2

I have some doubts about the practical way of violate or to not the pre and post conditions based on Liskov Substitution Principle.

In the beginning, I have create the examples where first child would respect and the second to violate. But Liskov article is very mathematical, and now, I do not have more confidence about it.

First about pre:

<?php

class TermCalculator {
    public function data(int $dias): DateTimeInterface {
        if($dias > 0)
            return (new DateTime())->modify("+$dias days");
        throw new \InvalidArgumentException("Term needs to be above zero ");
    }
}
class TermCalculatorCLT extends TermCalculator {
    public function data(int $dias): DateTimeInterface {
        if ($dias >= 0)
            return (new DateTime())->modify("+$dias days");
        throw new \InvalidArgumentException("Term needs to be above -1");
    }
}
class TermCalculatorCPC extends TermCalculator {
    public function data(int $dias): DateTimeInterface {
        if (in_array($dias, range(1,30)))
            return (new DateTime())->modify("+$dias days");
        throw new \InvalidArgumentException("Term needs to be between 1 and 30 ");
    }
}

**

  • Which children class above violates pre-condition?

**

And two situations about post:

<?php
class Account {
    protected float $balance;
    public function __construct(float $balanceInicial){
        $this->balance = $balanceInicial;   
    }
    public function withdraw(float $value) : float { 
        if(($this->balance - $value) >= 0)
          $this->balance -= $value;
        return $this->balance;
    }
}
class AccountVip extends Account {
    private const TAXA = 10.00;
    public function withdraw(float $value) : float {
        if(($this->balance - $value) >= self::TAXA)
            $this->balance -= $value;
        return $this->balance;
    }
}
class AccountIlimited extends Account {
    public function withdraw(float $value) : float {
        $this->balance -= $value;
        return $this->balance;
    }
}

**

  • Which children class above violates post-condition?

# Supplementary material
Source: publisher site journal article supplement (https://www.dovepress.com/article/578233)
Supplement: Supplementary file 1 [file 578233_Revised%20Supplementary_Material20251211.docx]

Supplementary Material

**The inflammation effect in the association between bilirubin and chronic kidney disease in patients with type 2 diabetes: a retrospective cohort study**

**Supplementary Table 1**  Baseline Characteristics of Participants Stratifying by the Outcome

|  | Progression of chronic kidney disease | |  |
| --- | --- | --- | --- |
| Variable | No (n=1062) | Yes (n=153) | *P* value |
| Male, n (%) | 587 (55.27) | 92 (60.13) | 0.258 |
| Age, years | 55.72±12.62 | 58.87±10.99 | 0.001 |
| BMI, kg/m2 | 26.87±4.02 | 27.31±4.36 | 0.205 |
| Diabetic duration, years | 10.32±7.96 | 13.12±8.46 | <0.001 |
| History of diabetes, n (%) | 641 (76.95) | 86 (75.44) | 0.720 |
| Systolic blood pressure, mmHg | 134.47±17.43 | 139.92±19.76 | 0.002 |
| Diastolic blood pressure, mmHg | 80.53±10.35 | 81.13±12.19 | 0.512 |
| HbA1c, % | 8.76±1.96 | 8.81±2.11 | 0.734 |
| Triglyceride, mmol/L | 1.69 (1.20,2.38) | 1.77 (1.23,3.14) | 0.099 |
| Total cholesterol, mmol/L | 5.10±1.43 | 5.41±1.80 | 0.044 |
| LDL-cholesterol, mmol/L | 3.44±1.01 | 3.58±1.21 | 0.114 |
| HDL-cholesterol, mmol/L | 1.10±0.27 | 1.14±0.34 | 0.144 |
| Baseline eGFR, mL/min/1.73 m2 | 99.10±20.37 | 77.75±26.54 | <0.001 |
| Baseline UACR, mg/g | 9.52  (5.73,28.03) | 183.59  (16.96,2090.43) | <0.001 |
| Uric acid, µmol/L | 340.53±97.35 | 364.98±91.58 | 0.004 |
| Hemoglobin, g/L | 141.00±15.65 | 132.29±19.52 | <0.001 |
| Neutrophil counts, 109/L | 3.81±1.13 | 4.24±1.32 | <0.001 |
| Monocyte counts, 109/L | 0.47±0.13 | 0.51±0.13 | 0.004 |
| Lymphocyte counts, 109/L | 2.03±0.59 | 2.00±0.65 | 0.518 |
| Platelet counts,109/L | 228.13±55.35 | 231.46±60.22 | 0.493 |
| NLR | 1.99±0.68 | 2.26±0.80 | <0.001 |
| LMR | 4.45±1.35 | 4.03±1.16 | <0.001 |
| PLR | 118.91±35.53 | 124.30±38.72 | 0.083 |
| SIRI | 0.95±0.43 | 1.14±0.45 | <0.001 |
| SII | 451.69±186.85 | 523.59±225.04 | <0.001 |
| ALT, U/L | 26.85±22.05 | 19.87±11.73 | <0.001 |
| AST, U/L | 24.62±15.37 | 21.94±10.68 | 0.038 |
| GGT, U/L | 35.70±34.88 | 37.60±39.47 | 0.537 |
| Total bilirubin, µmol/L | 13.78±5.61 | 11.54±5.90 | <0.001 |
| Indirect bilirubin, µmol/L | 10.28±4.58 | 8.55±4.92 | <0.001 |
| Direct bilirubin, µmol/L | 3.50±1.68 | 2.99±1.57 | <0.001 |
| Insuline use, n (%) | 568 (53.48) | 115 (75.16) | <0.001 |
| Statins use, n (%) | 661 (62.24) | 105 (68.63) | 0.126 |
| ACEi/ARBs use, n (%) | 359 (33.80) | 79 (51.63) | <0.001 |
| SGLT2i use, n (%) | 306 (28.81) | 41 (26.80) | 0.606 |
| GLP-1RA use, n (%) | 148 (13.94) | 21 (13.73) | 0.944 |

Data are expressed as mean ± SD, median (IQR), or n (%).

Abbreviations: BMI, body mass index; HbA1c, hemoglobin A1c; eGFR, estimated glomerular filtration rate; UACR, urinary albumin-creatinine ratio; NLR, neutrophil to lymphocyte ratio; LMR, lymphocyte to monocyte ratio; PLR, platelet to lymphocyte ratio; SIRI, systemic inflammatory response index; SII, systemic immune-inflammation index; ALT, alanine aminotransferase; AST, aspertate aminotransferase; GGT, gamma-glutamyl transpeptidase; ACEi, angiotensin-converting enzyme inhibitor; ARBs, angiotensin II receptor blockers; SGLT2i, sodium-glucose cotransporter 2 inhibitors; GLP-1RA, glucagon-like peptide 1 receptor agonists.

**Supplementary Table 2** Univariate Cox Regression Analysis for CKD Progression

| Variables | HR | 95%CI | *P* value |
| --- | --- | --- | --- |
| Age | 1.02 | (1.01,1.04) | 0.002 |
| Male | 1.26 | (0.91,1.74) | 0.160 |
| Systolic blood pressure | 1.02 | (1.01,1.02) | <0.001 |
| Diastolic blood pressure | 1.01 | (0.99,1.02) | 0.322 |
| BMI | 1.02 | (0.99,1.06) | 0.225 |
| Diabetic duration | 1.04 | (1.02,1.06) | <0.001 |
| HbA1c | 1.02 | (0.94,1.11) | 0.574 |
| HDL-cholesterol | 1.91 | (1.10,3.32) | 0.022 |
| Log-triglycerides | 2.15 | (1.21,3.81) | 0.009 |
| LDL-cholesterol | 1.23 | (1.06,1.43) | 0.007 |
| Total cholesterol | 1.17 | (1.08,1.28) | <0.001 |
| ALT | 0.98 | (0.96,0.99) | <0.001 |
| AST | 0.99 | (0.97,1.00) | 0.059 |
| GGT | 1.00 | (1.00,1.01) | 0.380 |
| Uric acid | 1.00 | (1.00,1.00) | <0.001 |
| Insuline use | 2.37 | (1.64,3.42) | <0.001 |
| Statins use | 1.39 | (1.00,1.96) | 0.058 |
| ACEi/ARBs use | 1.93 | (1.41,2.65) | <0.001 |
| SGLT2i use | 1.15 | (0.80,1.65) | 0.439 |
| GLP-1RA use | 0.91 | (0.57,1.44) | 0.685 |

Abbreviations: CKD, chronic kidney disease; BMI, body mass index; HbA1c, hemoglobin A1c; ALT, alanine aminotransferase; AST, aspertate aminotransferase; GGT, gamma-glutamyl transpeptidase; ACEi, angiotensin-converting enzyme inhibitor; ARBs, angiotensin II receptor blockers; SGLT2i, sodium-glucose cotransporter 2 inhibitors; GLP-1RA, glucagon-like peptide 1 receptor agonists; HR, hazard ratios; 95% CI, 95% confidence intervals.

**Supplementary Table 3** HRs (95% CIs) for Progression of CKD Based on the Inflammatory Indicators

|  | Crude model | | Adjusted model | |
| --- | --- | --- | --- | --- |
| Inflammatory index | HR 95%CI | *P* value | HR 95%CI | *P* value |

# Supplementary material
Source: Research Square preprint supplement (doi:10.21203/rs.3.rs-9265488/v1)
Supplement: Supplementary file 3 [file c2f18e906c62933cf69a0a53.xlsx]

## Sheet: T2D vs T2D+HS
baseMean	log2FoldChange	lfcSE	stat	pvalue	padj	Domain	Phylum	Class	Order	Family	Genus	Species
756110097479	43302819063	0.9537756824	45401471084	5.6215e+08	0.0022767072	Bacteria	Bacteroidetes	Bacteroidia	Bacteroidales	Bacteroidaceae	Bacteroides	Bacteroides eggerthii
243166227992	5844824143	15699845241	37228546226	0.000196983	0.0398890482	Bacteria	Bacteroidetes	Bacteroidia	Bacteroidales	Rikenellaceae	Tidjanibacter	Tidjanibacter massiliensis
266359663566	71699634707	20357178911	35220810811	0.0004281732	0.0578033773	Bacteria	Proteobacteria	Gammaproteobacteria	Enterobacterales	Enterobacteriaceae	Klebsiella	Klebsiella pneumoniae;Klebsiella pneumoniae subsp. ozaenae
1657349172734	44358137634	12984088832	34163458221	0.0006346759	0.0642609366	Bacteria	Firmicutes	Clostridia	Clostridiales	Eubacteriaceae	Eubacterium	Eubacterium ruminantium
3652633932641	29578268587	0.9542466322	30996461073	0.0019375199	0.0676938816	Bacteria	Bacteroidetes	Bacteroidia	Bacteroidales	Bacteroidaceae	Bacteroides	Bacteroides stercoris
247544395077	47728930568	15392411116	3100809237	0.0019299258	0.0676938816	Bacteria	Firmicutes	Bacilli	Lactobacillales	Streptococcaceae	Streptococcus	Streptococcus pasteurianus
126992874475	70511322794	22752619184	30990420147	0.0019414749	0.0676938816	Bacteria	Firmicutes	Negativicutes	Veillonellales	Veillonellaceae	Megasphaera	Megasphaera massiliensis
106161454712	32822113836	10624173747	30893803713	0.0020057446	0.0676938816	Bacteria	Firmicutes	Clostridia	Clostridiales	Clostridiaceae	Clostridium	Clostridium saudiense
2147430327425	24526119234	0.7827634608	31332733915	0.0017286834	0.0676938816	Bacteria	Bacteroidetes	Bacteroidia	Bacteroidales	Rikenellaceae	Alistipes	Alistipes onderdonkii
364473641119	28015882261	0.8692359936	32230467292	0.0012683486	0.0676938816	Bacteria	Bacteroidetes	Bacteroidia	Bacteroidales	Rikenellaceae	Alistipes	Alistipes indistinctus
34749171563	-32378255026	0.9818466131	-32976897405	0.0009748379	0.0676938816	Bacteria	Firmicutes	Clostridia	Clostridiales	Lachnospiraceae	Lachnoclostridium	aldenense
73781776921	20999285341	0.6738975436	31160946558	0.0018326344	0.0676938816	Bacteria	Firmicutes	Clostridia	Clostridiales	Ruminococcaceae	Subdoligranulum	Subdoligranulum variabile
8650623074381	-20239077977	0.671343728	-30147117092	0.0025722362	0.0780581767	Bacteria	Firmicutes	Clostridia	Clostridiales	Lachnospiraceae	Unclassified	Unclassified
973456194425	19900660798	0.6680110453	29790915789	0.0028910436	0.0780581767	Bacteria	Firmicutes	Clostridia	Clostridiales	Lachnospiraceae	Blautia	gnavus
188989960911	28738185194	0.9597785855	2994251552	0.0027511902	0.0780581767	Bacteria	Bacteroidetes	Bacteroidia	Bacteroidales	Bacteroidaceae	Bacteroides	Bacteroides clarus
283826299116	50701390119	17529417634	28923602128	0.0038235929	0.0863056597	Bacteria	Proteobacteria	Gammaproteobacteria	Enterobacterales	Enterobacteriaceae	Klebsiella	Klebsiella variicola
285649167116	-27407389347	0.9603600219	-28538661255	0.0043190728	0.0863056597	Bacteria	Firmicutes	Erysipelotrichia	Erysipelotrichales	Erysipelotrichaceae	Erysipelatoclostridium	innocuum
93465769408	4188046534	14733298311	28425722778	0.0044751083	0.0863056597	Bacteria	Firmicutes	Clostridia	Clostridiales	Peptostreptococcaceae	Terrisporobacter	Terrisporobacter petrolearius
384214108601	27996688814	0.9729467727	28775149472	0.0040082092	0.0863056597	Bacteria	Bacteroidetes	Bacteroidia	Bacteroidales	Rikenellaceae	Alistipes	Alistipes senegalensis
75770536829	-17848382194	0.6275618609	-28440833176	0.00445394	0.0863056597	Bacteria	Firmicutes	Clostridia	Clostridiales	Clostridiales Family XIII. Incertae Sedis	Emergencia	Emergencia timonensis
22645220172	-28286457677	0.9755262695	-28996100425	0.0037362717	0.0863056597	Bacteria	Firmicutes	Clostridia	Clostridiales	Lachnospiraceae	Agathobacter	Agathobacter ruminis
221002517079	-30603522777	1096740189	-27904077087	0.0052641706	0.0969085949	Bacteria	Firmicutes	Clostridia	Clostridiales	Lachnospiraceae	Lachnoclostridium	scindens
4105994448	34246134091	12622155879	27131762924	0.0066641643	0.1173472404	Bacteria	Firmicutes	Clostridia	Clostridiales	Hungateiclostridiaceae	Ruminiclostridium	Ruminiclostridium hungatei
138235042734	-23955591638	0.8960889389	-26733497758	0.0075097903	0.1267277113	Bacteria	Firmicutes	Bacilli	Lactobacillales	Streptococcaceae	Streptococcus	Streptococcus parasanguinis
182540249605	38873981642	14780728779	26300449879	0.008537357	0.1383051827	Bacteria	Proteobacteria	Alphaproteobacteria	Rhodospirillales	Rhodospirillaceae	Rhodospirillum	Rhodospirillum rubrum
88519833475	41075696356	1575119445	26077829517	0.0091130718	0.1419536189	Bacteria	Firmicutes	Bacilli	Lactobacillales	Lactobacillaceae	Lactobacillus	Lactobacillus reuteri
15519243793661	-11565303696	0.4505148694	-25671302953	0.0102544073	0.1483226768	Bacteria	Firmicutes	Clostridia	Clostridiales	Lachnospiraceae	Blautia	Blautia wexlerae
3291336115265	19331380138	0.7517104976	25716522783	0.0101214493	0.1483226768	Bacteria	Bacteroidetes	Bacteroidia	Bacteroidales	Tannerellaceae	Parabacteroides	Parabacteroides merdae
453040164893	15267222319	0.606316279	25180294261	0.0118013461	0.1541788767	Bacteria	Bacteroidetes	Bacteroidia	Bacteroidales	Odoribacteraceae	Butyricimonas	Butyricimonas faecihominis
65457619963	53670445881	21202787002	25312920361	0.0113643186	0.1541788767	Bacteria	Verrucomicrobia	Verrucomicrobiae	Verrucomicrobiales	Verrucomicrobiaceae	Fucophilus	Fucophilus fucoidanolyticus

**

4

The Liskov Substitution Principle (LSP) requires that all the child could be used interchangeably with their parents.

This means concretely that the child must work with the tests prepared for the parents. So if you have any pre-conditions for your parents, the child shall not strengthen them. Conversely, the child cannot weaken the post-conditions of the parent.

In your case:

  • TermCalculator has a precondition of $dias>0. It the precondition is not met, it throws.
  • TermCalculatorCLT has a precondition of $dias>=0. It's weaker than the precodintion of the parent, because it accepts the special case of $dias being 0 while the parent not. Weakening the parent conditions means that it doesn't strengthen them. So this is compliant with LSP.
  • TermCalculatorCPC has a predindition of $dias>0 and $dias<31. It's stronger than the precondition of the parent (i.e. more selective). Take the example of 32: it would work for the parent, but it would throw for the child. This means that the child might not pass all the tests of the parent. Tehrefore it doesn't respect LSP.

I leave you as an excercise the second case. If it's really to difficult, you may post as comment to this answer your guess and explanations of your choice, and I'd edit my answer accordingly ;-)

| improve this answer | |
  • This means concretely that the child must work with the tests prepared for the parents - simple and easy to check – Fabio Jan 29 at 20:21
  • I think having a child class that can work in all tests written for the parent is a necessary but not sufficient condition for LSP compliance. If the parent guarantees immutability or some other form of change constraint (e.g. a list that can only be appended to) the child must respect that. The test for the parent won't have a call to $list->removeItem() since that doesn't exist on the parent. If it does exist on the child it's an LSP violation. – bdsl Jan 29 at 23:08
  • @bdsl I restricted my answer to the specific case of the questiin. Liskov’s argument is indeed not about passing the tests of the it’s parent but about being substitute for their parents. This means that invarients must be respected, that postconditions are not weakened (eg immutable for the parent requires immutable for the child. Last but bot least the child shall respect the history rule. – Christophe Jan 29 at 23:28
  • Thanks @Christophe, so Can we say that AccountVip has a stronger post-condition, because returns only >= TAXA and so is valid for LSP and, in other hand, AccountIlimited can returns negative number, weaking the original post-condition (only positive numbers), violating LSP, right? – celsowm Jan 30 at 0:41
  • @celsowm yes, that’s the principle. Assuming that the post condition is that balance must be positive or null. Note that in the first case, the precondition is coded (exception raised). But in the second case there is not such a post condition check. So we guessed it for the exercise. Do you have a test case that states that balance should be positive? in real life there is not necessarily a postcondition here. LSP is about contracts, i.e. promises made about the code and not the code itself. If postcondition would be that new balance is equal or smaler than initial balance, all classes comply – Christophe Jan 30 at 7:14

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